How “Getting Vulnerable” Helped Enrico Palmerino Land $4.5 Million for Botkeeper in Two Months

Nathan Beckord
Apr 6 · 5 min read

Botkeeper was born out of one of founder Enrico Palmero’s frustrations with his first company. That venture, ThinkLite, offered an innovative process of analyzing, designing and manufacturing LED lights. But even with $8.5 million in recurring revenue, Enrico sometimes had trouble keeping the lights on.

“We had 60 employees, and we were 46 on the Inc. 5000 list. And we ran out of cash, even with all that revenue, because our books were always behind,” says Enrico. “It really frustrated me that we had built this incredible business, but the lack of speed in our bookkeeping almost sank it.”

So Enrico redesigned his software to automate the accounting process. Using the same decision trees he built for analyzing lighting, Enrico helped illuminate best financial practices for around 60 clients within his first year.

Initially, Enrico was anti-fundraising.

“I wanted to bootstrap it as long as I could and potentially never raise,” Enrico says. “It changed my life when we saw that the only thing holding us back was marketing investment,” he continued. “We realized that if we just doubled our marketing dollars, we could quadruple our clients. And if we could do some internal improvements, we could onboard them even faster.”

Chasing vulnerability

To prepare for fundraising, Enrico and his team decided to focus on building a unique relationship with .406 Ventures before sitting down for any formal pitches.

“We did probably the greatest thing we could have, which was we got vulnerable,” Enrico says. “I went to them and said, ‘I’ve never raised before. I don’t know what you want to see from me.’”

.406 Ventures gave Enrico advice on everything from the format of his presentation to which metrics he should include. Through that relationship with .406, Enrico met other companies in the firm’s portfolio, and many of them became Botkeeper clients.

“They said, ‘let me talk to your clients and introduce you to some of our portfolio companies to see what they think.’ Then their portfolio signed, which meant that we got more clients,” Enrico says. “So the joke was, maybe we should never stop raising.”

When he did start fundraising, Enrico decided it should be as immediate as a flip of a switch. He and his team created extensive lists of VCs to approach and asked the board to brainstorm warm introductions.

“We said, ‘don’t make any intros until this day,’” Enrico says, before allowing Botkeeper to burst onto the fundraising scene. “Then we had the first $4 million in the bank in less than two months, which is super fast.”

All work, no play (at least for two months)

Enrico met 40 investors, often multiple times, in two months. He tried to schedule three to four meetings every day. This tightly packed schedule surprised investors who expected him to run on their time, which gave Botkeeper a reputation of desirability and stoked competition among investors.

“I’d walk into a VC meeting maybe a few minutes late, and the excuse was that I was coming from another meeting,” says Enrico. “Then that meeting had to end on time, because I had another one right after.”

This didn’t come without sacrifices, but Enrico says he doesn’t regret it: “I literally put everything on the back burner. I still have like probably 1,200 emails that from that period of time that just went unanswered.”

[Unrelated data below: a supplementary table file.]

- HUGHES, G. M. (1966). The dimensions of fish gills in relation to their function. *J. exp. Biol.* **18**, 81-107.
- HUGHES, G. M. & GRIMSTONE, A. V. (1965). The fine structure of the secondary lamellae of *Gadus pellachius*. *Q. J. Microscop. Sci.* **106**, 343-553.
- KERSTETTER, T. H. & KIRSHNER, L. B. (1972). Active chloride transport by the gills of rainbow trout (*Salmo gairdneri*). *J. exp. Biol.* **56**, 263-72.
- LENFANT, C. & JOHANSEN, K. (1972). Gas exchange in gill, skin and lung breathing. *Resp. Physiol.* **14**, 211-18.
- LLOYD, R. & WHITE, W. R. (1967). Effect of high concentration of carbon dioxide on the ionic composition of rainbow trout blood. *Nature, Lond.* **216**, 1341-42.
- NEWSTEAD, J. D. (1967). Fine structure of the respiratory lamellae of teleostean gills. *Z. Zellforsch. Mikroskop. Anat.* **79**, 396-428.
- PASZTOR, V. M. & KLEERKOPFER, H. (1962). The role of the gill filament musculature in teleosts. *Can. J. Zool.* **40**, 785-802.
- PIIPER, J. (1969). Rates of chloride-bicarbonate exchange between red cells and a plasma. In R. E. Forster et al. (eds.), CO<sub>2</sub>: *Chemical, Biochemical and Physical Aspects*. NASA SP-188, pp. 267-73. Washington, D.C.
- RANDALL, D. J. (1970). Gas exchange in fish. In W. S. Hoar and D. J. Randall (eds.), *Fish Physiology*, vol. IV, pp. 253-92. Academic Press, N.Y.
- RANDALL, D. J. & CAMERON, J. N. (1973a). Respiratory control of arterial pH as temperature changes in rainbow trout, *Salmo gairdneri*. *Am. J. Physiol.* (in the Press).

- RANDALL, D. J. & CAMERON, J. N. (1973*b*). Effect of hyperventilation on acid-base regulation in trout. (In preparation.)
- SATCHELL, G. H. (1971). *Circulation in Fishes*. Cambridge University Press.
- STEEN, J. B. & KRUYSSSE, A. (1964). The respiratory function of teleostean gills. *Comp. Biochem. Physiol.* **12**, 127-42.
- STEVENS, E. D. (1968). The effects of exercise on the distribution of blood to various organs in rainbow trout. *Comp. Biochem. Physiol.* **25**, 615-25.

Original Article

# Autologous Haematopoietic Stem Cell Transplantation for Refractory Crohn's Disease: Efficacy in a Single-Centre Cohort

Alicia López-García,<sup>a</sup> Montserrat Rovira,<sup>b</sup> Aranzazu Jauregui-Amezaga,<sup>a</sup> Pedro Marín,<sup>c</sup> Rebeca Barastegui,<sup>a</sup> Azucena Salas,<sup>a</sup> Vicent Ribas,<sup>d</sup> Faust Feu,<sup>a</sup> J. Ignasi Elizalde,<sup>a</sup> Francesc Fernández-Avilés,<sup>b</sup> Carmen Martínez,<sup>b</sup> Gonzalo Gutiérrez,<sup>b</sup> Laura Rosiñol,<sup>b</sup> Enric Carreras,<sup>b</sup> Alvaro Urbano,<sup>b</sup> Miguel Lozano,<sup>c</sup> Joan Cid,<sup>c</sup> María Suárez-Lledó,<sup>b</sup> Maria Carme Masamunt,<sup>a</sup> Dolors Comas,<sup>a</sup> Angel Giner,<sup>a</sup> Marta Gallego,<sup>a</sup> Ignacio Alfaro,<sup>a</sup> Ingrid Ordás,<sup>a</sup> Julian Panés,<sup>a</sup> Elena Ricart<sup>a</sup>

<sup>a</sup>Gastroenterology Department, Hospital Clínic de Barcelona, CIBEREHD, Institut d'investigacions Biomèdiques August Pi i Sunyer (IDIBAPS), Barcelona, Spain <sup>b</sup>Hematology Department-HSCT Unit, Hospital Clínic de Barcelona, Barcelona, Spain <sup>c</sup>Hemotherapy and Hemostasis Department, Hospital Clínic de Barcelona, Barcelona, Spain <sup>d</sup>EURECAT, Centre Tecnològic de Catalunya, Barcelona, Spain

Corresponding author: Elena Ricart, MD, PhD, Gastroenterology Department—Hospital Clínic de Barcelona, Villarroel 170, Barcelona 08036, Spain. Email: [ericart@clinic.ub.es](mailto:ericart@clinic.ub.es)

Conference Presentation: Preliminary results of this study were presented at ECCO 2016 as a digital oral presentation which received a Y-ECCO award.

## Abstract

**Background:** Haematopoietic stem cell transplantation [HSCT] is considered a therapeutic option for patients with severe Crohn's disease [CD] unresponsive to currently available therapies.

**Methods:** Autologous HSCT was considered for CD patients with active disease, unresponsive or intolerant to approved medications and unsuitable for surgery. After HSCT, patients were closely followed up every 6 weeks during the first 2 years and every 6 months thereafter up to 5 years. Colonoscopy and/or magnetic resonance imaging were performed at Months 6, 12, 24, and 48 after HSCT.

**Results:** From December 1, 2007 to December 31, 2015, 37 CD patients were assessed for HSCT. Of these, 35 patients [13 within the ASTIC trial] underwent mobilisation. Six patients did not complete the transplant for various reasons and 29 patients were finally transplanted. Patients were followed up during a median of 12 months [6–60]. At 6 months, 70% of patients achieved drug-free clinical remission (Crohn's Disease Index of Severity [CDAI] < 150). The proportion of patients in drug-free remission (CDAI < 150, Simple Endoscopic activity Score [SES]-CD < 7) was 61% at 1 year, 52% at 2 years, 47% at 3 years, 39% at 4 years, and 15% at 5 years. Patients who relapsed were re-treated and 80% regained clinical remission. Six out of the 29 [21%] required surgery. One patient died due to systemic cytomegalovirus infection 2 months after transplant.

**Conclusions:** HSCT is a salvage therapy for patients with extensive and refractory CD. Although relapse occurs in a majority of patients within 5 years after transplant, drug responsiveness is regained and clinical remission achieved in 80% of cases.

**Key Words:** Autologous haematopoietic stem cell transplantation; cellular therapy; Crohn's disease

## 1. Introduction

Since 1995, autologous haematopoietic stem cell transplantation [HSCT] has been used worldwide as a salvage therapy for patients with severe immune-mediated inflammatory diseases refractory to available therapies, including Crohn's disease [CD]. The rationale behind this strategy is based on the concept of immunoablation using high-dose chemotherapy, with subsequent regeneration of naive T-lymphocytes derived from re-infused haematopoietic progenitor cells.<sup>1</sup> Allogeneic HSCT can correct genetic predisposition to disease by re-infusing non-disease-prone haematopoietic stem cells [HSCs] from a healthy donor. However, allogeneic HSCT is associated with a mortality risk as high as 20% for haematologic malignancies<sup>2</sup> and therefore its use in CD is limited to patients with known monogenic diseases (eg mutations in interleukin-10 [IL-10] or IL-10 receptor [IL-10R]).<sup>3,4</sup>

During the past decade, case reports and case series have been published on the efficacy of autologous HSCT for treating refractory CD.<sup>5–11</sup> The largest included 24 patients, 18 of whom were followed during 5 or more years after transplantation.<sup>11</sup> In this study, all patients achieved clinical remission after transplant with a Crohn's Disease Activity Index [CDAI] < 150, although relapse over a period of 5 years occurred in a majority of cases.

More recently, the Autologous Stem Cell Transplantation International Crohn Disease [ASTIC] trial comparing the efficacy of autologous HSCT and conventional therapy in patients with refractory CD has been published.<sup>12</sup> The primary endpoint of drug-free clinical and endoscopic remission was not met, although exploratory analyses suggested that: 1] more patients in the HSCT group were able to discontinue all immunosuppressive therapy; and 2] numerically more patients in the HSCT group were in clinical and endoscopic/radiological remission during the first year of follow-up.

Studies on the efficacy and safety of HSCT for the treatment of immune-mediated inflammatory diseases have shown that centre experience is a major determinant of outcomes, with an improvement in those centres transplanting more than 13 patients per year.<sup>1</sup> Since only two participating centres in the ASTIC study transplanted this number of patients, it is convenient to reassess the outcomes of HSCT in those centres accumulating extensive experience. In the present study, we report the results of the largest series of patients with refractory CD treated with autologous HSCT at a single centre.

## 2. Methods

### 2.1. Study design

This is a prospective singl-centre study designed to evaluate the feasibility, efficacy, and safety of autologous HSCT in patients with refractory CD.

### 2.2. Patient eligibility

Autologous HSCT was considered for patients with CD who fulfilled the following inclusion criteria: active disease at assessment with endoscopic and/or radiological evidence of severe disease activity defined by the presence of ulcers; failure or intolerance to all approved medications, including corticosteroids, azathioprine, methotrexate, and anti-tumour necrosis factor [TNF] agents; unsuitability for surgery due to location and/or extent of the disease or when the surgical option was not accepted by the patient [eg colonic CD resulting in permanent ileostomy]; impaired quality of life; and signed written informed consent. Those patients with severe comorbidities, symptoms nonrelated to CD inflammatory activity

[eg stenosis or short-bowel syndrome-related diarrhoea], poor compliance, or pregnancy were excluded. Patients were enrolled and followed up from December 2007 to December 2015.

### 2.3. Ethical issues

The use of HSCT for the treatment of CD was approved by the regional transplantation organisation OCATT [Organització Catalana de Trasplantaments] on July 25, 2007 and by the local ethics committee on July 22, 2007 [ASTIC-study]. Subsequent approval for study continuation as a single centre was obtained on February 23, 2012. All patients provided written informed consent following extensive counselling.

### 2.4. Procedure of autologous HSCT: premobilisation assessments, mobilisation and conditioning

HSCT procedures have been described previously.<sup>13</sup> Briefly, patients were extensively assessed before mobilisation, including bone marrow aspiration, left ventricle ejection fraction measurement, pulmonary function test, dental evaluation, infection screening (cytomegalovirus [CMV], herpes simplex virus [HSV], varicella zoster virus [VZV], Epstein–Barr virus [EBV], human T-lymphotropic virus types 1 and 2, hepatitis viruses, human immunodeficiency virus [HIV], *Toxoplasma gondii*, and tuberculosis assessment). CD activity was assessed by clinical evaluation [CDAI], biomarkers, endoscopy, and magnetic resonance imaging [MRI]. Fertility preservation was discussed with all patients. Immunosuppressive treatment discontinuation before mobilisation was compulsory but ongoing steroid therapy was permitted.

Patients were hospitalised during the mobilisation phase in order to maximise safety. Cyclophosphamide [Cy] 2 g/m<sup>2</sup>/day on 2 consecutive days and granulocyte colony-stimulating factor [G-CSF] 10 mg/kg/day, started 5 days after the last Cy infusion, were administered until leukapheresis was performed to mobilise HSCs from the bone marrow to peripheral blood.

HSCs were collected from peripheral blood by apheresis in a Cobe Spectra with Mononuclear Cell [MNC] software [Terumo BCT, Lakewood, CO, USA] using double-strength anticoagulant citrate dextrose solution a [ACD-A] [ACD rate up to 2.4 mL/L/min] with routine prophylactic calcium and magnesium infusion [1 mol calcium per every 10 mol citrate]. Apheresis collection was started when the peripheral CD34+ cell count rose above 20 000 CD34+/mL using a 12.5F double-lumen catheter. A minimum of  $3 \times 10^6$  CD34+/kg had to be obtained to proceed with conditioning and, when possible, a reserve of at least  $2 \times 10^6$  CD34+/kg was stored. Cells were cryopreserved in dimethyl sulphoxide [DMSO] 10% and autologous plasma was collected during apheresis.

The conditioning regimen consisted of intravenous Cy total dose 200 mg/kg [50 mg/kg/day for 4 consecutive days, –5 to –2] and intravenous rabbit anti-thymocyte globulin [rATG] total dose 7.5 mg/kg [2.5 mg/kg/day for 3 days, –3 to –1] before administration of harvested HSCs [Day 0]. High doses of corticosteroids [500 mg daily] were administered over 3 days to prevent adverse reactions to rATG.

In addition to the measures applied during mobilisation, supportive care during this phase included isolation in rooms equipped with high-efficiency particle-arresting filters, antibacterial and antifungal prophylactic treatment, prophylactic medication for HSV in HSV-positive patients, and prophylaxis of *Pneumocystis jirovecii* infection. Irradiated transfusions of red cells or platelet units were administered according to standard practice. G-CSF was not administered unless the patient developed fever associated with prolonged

He did make sure to respond to any follow-up inquiries from investors as quickly as possible.

“Never did a VC request something from me that I didn’t turn around that same day,” Enrico says. “Even if they sent me something at 10 p.m., they got it at 2 a.m.”

He constantly kept numbers on things like rates of churn, revenue, customer acquisition cost, competitors, loan-to-value ratio, and client size and number at the ready. This attention to detail and focus on numbers allowed Enrico to make predictions about growth that impressed investors.

“We lined these meetings up so quickly, I could tell them, ‘at the end of the month, the numbers are going to be like this. In two months, they will be like that.’ By the next meeting, they matched my predictions perfectly,” Enrico says.

Relationships > cash

At the end of the day, it wasn’t just about the money, so Enrico and his team were careful to collect firsthand accounts of working with different investors.

His lightning round of meetings brought Enrico in touch with Ignition Partners, who eventually signed on as Botkeeper’s lead investor.

“We could get money from banks,” says Enrico. “But Ignition brought a lot more industry insight. I talked to a lot of their portfolio companies, and I never talked to a single person who didn’t rave about them. Everyone said that Ignition treats investing like a partnership, and they care about entrepreneurs.

“Plan as much as you can, get in front of as many VCs as quickly you can, and do it in a predictive way on your revenue,” Enrico says. The more variables you can take off the table, the more likely you’ll be able to close a round.”

Nathan Beckord is the CEO of, a software platform that has helped users raise over $1 billion in seed and venture capital since 2016. This Q&A is based on episode of Foundersuite’s How I Raised It podcast, a behind-the-scenes look at how startup founders have raised capital.

This story is published in The Startup, Medium’s largest entrepreneurship publication followed by +440,678 people.

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Nathan Beckord

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CEO of Fanatical about helping startups raise capital. Sailing and motorcycle junkie.

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